University College, Oxford

University College
Oxford
Quad, University College, Oxford University
University College Oxford Coat Of Arms.svg
Blazon: Azure, a cross patonce between four [sometimes five] martlets or.
LocationHigh Street
Coordinates51°45′09″N 1°15′07″W / 51°45′09″N 1°15′07″W / Boatclub
Map
University College, Oxford is located in Oxford city centre
University College, Oxford
Location in Oxford city centre

University College (in full The College of the Great Hall of the University of Oxford,[1][4] colloquially referred to as "Univ"[5]) is a constituent college of the University of Oxford in England. It has a claim to being the oldest college of the university, having been founded in 1249 by William of Durham.

As of 2018, the college had an estimated financial endowment of £132.7m.[6]

The college is associated with a number of influential people. Notable alumni include Clement Attlee, Harold Wilson, Bill Clinton, Neil Gorsuch, Stephen Hawking, C. S. Lewis, V. S. Naipaul and Percy Bysshe Shelley.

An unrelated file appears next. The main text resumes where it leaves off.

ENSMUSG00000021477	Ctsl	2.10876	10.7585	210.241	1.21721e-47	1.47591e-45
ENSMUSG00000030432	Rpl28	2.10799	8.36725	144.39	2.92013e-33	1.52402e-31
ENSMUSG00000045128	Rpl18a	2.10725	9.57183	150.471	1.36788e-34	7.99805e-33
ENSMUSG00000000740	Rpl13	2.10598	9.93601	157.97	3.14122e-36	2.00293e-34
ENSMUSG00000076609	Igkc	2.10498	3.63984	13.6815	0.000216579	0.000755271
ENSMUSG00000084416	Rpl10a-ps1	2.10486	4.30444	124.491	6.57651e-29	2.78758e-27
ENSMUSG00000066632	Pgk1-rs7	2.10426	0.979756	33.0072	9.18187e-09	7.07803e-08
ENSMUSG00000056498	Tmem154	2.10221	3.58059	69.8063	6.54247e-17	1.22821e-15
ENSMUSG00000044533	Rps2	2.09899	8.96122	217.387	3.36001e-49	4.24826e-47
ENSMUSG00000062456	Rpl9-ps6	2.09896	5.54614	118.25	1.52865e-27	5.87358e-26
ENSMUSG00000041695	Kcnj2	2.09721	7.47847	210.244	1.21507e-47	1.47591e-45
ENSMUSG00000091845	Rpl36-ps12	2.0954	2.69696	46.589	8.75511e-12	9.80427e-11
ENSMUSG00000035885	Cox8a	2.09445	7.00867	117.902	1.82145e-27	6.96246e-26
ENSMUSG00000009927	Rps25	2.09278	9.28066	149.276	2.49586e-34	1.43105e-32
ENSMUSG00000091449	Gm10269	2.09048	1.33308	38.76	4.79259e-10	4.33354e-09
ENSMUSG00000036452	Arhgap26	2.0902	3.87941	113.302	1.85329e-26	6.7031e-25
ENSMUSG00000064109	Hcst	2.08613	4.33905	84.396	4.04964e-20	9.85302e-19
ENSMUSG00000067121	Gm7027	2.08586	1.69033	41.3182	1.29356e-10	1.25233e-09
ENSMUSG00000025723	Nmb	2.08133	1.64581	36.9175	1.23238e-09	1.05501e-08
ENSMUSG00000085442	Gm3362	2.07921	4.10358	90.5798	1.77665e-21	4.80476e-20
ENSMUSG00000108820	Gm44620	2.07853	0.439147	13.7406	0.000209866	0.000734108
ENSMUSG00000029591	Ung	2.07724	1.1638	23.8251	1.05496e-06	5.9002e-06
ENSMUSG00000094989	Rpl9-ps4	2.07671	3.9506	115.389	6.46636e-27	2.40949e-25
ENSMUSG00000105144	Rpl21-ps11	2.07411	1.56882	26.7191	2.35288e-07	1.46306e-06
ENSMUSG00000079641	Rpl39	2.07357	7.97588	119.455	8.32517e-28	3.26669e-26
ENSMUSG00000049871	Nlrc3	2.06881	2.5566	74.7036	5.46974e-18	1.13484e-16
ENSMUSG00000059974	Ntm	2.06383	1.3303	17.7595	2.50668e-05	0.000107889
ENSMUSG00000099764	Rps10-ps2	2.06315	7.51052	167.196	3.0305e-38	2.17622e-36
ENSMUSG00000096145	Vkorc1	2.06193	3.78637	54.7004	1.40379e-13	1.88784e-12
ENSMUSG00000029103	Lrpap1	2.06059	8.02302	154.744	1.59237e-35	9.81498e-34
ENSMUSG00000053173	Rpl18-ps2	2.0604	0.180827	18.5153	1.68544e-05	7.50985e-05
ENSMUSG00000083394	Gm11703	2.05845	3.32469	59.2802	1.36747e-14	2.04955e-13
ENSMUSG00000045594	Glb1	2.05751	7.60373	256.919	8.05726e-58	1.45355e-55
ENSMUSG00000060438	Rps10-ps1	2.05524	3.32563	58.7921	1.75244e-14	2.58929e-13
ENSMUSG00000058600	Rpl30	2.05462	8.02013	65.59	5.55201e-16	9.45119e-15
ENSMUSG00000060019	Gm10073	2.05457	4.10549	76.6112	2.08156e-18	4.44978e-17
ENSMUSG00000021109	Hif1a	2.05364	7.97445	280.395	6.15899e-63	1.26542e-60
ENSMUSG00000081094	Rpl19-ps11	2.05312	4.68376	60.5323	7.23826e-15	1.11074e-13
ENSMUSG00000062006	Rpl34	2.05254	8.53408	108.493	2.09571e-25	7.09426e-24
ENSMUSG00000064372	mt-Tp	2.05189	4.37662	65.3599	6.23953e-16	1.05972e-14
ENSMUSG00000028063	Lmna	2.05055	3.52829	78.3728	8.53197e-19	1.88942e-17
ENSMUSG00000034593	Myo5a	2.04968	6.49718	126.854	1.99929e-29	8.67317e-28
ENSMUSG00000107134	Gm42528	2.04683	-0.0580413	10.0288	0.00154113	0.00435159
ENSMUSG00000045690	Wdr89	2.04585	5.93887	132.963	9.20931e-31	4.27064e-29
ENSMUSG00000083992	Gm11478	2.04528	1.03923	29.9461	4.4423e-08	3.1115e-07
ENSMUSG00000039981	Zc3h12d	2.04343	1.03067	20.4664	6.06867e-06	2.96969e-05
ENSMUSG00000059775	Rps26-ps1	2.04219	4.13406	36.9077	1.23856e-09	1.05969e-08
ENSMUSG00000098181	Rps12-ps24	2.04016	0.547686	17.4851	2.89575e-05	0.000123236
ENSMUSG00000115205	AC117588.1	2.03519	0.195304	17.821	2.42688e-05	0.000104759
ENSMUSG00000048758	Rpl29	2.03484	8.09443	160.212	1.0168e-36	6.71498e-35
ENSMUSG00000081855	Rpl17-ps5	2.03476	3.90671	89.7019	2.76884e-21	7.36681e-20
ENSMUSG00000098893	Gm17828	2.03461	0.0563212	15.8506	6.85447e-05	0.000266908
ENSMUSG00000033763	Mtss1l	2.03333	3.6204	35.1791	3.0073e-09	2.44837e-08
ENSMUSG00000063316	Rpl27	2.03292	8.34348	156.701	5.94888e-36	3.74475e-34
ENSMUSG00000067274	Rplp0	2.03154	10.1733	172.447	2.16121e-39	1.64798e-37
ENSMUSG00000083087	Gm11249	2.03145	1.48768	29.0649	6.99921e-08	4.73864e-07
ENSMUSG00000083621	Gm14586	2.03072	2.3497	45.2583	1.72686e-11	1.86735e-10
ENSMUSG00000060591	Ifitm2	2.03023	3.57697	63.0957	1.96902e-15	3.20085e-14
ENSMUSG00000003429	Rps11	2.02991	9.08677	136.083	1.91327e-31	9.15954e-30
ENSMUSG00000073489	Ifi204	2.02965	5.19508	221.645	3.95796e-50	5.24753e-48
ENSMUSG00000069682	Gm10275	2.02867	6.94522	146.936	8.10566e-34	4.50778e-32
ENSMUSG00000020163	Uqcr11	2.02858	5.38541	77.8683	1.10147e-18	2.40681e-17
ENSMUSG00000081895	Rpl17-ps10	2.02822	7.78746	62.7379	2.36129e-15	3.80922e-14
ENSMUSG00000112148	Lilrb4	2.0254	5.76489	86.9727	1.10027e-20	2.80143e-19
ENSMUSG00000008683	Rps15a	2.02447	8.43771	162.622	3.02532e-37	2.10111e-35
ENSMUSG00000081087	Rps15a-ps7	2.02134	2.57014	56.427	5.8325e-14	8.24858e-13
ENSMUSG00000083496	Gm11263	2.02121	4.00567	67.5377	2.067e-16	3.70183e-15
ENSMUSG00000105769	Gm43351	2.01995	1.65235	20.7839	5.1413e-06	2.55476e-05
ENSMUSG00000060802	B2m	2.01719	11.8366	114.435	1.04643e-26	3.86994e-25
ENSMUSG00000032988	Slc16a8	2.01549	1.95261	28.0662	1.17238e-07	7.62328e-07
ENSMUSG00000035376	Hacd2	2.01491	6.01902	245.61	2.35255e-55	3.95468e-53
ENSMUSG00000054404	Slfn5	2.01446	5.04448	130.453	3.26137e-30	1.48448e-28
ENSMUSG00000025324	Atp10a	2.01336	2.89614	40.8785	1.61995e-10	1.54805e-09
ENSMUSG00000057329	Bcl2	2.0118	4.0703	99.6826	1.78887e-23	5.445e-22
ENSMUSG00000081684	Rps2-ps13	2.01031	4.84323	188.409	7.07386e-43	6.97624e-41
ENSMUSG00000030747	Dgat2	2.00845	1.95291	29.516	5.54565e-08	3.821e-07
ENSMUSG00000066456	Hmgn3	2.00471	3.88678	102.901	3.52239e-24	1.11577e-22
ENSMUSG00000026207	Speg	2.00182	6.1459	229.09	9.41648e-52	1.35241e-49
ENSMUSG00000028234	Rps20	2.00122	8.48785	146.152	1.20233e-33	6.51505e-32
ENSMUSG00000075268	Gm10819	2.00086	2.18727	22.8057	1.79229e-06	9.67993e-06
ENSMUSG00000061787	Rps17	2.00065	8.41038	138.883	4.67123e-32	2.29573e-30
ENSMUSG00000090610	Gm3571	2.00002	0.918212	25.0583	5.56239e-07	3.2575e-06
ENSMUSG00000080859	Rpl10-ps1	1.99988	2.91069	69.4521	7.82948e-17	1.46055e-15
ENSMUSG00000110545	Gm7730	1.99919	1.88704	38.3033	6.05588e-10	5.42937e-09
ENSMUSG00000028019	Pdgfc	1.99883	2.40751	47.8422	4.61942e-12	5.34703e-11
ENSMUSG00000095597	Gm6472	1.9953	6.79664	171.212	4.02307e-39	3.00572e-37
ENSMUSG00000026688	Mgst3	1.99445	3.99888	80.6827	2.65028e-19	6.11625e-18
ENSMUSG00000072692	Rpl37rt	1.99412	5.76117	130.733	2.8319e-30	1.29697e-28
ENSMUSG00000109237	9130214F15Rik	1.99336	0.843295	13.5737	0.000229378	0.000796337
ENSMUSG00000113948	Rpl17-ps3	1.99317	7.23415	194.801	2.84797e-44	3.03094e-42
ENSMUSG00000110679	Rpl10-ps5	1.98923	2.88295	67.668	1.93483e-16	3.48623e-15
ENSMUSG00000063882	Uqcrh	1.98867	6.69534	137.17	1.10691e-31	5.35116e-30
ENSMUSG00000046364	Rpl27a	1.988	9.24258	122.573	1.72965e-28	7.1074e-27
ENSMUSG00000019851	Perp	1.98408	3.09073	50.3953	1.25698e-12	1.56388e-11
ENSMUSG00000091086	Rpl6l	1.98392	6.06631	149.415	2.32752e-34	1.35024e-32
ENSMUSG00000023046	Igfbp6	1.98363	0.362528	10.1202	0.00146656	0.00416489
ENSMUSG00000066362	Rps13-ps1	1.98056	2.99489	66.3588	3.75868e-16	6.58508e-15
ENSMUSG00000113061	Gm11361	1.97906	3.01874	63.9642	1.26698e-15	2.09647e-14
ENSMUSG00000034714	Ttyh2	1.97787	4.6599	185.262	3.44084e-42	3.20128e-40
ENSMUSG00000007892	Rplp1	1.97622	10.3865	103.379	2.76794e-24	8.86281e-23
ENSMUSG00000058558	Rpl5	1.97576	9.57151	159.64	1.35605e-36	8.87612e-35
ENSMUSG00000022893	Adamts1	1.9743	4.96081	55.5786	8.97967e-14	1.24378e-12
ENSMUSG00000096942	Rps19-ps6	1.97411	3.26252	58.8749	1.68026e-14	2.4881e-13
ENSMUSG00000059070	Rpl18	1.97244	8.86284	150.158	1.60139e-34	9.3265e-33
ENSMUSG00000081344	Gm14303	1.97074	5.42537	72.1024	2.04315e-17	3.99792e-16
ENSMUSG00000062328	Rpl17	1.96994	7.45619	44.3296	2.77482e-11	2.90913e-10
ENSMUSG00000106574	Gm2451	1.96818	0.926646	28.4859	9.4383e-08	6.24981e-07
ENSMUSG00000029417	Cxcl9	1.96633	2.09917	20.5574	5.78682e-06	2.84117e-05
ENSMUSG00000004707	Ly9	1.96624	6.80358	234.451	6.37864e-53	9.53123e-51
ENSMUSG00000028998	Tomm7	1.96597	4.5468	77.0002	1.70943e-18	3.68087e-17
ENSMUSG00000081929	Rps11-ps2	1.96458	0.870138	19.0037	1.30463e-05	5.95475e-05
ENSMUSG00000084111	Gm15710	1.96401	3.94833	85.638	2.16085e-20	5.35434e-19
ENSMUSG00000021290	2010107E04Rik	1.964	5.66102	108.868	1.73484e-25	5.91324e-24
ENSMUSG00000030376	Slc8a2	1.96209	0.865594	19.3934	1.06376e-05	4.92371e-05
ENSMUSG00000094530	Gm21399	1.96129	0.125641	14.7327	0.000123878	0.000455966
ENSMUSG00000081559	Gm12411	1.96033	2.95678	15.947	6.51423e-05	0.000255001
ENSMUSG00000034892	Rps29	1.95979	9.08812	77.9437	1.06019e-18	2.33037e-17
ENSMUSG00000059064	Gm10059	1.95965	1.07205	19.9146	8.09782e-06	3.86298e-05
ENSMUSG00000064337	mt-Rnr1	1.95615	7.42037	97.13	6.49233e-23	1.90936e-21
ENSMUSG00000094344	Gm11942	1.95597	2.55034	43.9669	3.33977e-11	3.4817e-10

History

A legend arose in the 14th century that the college was founded by King Alfred in 872.[7] This explains why the college arms are those attributed to King Alfred, why the Visitor is always the reigning monarch, and why the college celebrated its millennium in 1872. Most agree that in reality the college was founded in 1249 by William of Durham. He bequeathed money to support ten or twelve masters of arts studying divinity, and a property which became known as Aula Universitatis (University Hall) was bought in 1253.[8] This later date still allows the claim that Univ is the oldest of the Oxford colleges, although this is contested by Balliol College and Merton College.[9][10] Univ was only open to fellows studying theology until the 16th century.

The college acquired four properties on its current site south of the High Street in 1332 and 1336 and built a quadrangle in the 15th century.[11] As it grew in size and wealth, its medieval buildings were replaced with the current Main Quadrangle in the 17th century. Although the foundation stone was placed on 17 April 1634, the disruption of the English Civil War meant it was not completed until sometime in 1676.[1] Radcliffe Quad followed more rapidly by 1719, and the library was built in 1861.

Like many of Oxford's colleges, University College accepted its first mixed-sex cohort in 1979, having previously been an institution for men only.[12]